Being a landlord for the first time can be a daunting experience. As well as needing to know the legislation inside out, there is a myriad of issues that can arise. Read on to see the top top pitfalls that new landlords can find themselves in and just what they can do about it...
Forming a direct relationship with tenants
Dealing directly with tenants can be rewarding but it can also make it difficult to make the best business decisions. It is human nature for people to unwittingly take advantage of people when we know them. For example, a tenant is more likely to pay rent late if they think you won't mind.
You would need to be a special kind of person to successfully separate your business relationship from your personal one when serving an arrears notice on a tenant with whom you have a close relationship. The same applies to rent increases and bond claims at the end of the tenancy.
Treating property investing as a hobby
Most people who bought a business worth $500,000 would treat it very seriously and have the resources and systems in place to get the best results. Unfortunately, too many people buy a property and then treat it like a hobby and don't achieve its maximum potential.
As in most business ventures, you need to have the right mindset if you are going to be successful. The best investors remain unemotional about their properties. If you are driving past the property each week to check the roses, perhaps you need to consciously distance yourself from the property.
Thinking of a property as their own home
Good investment opportunities can be missed because the investor thinks they would not like to live in the property. You may choose not to live in an apartment with no parking, but one near a university and close to public transport may be a great investment. New landlords often enjoy painting or decorating their property. You might think an orange feature wall looks amazing or that bright blue carpet is very trendy, but you don't have to live with it. The rule is to keep it neutral and make sure that whatever you do appeals to the widest range of tenants.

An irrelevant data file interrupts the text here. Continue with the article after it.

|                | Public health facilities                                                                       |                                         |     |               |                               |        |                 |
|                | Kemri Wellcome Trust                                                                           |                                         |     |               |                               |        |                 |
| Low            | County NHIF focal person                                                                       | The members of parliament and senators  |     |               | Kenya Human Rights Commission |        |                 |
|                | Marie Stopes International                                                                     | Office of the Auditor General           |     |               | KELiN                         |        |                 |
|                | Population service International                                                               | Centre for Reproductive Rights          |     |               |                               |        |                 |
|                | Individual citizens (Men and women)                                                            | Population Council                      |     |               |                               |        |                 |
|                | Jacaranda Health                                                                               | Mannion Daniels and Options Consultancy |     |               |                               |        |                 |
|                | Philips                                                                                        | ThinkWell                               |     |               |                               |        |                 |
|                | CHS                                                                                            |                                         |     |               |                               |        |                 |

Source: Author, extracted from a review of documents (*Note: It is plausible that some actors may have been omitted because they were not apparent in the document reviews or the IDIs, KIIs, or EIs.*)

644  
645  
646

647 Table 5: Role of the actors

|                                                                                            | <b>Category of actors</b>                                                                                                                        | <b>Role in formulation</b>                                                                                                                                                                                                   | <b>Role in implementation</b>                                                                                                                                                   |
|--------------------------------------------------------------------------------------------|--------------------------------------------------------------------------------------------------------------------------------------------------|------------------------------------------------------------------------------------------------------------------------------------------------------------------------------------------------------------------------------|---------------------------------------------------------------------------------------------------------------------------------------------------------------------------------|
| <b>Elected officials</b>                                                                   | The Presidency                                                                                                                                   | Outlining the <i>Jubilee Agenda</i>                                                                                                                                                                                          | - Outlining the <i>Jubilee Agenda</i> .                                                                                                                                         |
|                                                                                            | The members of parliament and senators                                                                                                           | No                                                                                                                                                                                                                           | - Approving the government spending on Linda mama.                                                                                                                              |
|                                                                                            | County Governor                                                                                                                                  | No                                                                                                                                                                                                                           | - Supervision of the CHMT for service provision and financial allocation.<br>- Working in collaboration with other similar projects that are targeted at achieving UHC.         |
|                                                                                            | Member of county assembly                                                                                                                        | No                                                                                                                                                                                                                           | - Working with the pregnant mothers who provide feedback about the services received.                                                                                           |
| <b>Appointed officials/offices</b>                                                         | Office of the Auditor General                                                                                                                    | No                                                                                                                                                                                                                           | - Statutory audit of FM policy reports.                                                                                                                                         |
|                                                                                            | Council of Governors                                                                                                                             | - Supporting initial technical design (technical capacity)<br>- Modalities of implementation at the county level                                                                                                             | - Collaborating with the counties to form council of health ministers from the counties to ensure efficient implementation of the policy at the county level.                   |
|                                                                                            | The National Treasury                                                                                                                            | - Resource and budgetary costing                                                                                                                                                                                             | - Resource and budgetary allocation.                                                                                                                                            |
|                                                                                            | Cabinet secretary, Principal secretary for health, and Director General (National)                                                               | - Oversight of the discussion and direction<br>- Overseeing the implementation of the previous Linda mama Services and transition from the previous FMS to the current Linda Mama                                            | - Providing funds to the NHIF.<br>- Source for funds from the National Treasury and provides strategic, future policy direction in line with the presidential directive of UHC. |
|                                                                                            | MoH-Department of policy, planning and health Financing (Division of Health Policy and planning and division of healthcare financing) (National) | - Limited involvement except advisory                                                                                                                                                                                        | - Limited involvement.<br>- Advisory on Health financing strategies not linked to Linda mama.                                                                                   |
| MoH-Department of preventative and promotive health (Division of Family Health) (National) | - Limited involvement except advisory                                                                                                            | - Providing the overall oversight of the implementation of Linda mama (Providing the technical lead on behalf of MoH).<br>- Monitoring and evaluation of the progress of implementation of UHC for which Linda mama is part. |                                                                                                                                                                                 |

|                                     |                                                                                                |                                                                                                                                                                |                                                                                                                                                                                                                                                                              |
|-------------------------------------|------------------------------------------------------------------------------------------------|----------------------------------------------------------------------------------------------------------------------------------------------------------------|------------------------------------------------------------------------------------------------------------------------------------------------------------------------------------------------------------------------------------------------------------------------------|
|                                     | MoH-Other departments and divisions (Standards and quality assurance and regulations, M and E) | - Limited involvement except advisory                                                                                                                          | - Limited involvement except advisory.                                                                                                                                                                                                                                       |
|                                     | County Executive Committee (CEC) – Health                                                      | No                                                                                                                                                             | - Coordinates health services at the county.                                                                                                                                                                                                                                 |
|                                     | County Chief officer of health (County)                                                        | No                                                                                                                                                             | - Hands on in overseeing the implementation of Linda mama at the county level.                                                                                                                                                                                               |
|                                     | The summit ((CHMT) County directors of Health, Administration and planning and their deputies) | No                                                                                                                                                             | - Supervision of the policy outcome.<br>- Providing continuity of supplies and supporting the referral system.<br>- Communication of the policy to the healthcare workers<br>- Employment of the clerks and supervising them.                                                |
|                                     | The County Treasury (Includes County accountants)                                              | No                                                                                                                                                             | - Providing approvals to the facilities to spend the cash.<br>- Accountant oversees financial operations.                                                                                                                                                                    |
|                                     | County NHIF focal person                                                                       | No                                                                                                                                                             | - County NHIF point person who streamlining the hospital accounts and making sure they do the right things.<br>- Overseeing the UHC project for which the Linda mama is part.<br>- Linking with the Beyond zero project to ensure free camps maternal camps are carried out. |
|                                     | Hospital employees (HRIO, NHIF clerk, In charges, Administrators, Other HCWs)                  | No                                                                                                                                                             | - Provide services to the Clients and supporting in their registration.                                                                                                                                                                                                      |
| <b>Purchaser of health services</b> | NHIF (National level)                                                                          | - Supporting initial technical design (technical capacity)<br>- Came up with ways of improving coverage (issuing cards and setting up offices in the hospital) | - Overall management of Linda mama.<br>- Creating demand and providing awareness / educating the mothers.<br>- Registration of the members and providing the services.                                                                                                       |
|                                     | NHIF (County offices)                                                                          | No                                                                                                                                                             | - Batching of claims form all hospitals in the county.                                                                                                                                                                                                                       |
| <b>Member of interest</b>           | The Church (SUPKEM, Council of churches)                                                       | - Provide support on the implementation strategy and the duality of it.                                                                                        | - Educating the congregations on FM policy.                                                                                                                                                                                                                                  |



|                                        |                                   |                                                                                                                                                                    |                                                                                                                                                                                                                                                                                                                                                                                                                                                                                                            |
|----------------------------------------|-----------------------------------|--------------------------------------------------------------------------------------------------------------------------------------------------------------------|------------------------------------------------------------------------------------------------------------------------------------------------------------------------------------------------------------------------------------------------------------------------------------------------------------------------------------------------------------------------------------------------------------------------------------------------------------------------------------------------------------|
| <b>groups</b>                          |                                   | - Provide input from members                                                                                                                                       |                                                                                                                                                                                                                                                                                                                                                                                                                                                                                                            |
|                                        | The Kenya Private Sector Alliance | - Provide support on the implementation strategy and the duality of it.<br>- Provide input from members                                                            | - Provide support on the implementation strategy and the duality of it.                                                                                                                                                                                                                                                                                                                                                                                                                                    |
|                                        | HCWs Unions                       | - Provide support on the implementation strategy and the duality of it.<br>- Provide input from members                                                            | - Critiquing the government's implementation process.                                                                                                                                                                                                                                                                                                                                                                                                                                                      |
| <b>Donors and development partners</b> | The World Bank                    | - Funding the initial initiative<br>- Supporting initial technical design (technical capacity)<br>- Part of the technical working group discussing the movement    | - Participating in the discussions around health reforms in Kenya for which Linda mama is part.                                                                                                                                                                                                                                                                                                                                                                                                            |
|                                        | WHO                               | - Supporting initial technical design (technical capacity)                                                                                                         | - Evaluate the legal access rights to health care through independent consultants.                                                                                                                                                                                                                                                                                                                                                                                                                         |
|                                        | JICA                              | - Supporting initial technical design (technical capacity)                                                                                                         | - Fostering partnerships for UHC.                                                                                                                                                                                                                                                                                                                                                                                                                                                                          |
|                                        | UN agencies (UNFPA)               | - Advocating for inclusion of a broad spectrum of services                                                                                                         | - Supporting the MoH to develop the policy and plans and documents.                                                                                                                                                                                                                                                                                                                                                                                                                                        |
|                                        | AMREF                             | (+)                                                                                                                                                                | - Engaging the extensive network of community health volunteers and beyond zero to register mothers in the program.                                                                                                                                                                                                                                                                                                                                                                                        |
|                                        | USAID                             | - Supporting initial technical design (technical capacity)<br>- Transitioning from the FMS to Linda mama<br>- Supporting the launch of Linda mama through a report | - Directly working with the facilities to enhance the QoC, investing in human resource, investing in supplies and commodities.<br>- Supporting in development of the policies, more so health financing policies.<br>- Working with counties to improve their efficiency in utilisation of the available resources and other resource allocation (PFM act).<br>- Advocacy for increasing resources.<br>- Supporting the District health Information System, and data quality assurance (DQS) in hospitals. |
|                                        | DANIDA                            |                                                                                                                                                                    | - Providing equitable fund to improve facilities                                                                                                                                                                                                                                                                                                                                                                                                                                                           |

Not keeping the property in good condition or not doing repairs quickly
One of the things I love most about property investing is that you can increase the value of your asset by making improvements. A coat of paint, removal of a wall or a more elaborate renovation can make a big difference to the value of your property. In addition, the rental yield can be increased substantially by repairs and improvements for which the tenants will pay extra rent.
In an effort to save money, some landlords will not keep the property in good condition which can be a false economy if the property does not lease quickly or achieves a lower rent.
Repairs, particularly with painting and carpets, should always be done quickly and to a professional standard, even if they are minor.
Not having a depreciation schedule
A depreciation schedule is the inventory of items that can be depreciated at a certain rate to claim a tax deduction. It is amazing how many people don't have one or think this is used only with new properties. Too many accountants rely on what their client says rather than encouraging them to have a depreciation schedule professionally prepared by a quantity surveyor.
The reality is that an investment of a few hundred dollars can save many thousands of dollars in tax, even for an old property.
Failing to increase rents regularly